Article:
If you want inexpensive but safe go ceramic(zirconium). Not galvanically active, nontoxic, easy to machine. The amount of gold in a crown is just a few grams, you couldn't fit an ounce in your mouth if you got all your teeth capped. Better to save money somewhere else and stay healthy.
From my reading, dentists in China,Russia and other countries that don't have money to waste on gold seem to do just fine with non-precious alloys. (unless, I suppose, their patients routinely gargle with battery acid) It is true that pure nickel (alloy 200) will cause an allergic reaction in a small minority of people, but even for them, incorporating the nickel in alloys such as Inconel binds up the nickel so it apparently is not a problem. The amount of corrosion, while perhaps not "zero" is insignificant during a human lifetime. Remember that orthodontic braces are made of 300-series stainless which is far less corrosion resistant than the Inconel group yet they and don't dissolve in people's mouths. Saliva just ain't that nasty.
It is my understanding that a main attraction of gold is that the capital equipment to cast it into dental parts is quite cheap. Thus the dental lab gets off with minimal expense and passes the high cost of the metal on to the patient. One would hope that CNC technology would change that.
I think this is an excellent point. I have had several crowns over the years and my dentist is very aware of proper color match. Is there a material applied to the crown or denture after modeling or is the color dependent upon the color of the 3-D material itself? At any rate, this seems to be an ideal application for 3-D printing and another example of technology being used to benefit mankind. I think it's great. Thank you Ann for posting this piece.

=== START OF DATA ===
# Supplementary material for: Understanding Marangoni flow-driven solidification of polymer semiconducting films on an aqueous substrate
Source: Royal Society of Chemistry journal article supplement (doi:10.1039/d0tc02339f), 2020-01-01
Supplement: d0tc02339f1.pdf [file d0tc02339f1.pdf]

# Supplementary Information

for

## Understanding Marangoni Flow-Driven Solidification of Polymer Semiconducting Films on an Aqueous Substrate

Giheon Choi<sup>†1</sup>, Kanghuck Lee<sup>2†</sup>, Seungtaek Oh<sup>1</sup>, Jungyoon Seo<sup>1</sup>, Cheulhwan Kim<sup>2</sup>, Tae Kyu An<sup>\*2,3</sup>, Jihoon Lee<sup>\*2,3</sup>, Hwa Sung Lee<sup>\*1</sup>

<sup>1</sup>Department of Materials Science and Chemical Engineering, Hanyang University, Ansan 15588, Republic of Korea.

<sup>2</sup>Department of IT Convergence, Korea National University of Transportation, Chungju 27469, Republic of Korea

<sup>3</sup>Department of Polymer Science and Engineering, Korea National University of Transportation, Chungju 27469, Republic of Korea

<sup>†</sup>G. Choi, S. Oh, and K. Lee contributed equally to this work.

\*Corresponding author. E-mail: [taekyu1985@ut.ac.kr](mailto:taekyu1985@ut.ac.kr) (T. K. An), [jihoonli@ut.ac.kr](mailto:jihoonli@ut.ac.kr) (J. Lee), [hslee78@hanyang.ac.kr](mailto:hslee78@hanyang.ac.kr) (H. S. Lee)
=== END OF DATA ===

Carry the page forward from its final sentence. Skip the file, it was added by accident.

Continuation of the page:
A new service lets engineers and orthopedic surgeons design and 3D print highly accurate, patient-specific, orthopedic medical implants made of metal -- without owning a 3D printer. Using free, downloadable software, users can import ASCII and binary .STL files, design the implant, and send an encrypted design file to a third-party manufacturer.
A recent report sponsored by the American Chemistry Council (ACC) focuses on emerging gasification technologies for converting waste into energy and fuel on a large scale and saving it from the landfill. Some of that waste includes non-recycled plastic.
Capping a 30-year quest, GE Aviation has broken ground on the first high-volume factory for producing commercial jet engine components from ceramic matrix composites. The plant will produce high-pressure turbine shrouds for the LEAP Turbofan engine.
Seismic shifts in 3D printing materials include an optimization method that reduces the material needed to print an object by 85 percent, research designed to create new, stronger materials, and a new ASTM standard for their mechanical properties.
A recent study finds that 3D printing is both cheaper and greener than traditional factory-based mass manufacturing and distribution. At least, it's true for making consumer plastic products on open-source, low-cost RepRap printers.
For industrial control applications, or even a simple assembly line, that machine can go almost 24/7 without a break. But what happens when the task is a little more complex? That’s where the “smart” machine would come in. The smart machine is one that has some simple (or complex in some cases) processing capability to be able to adapt to changing conditions. Such machines are suited for a host of applications, including automotive, aerospace, defense, medical, computers and electronics, telecommunications, consumer goods, and so on. This discussion will examine what’s possible with smart machines, and what tradeoffs need to be made to implement such a solution.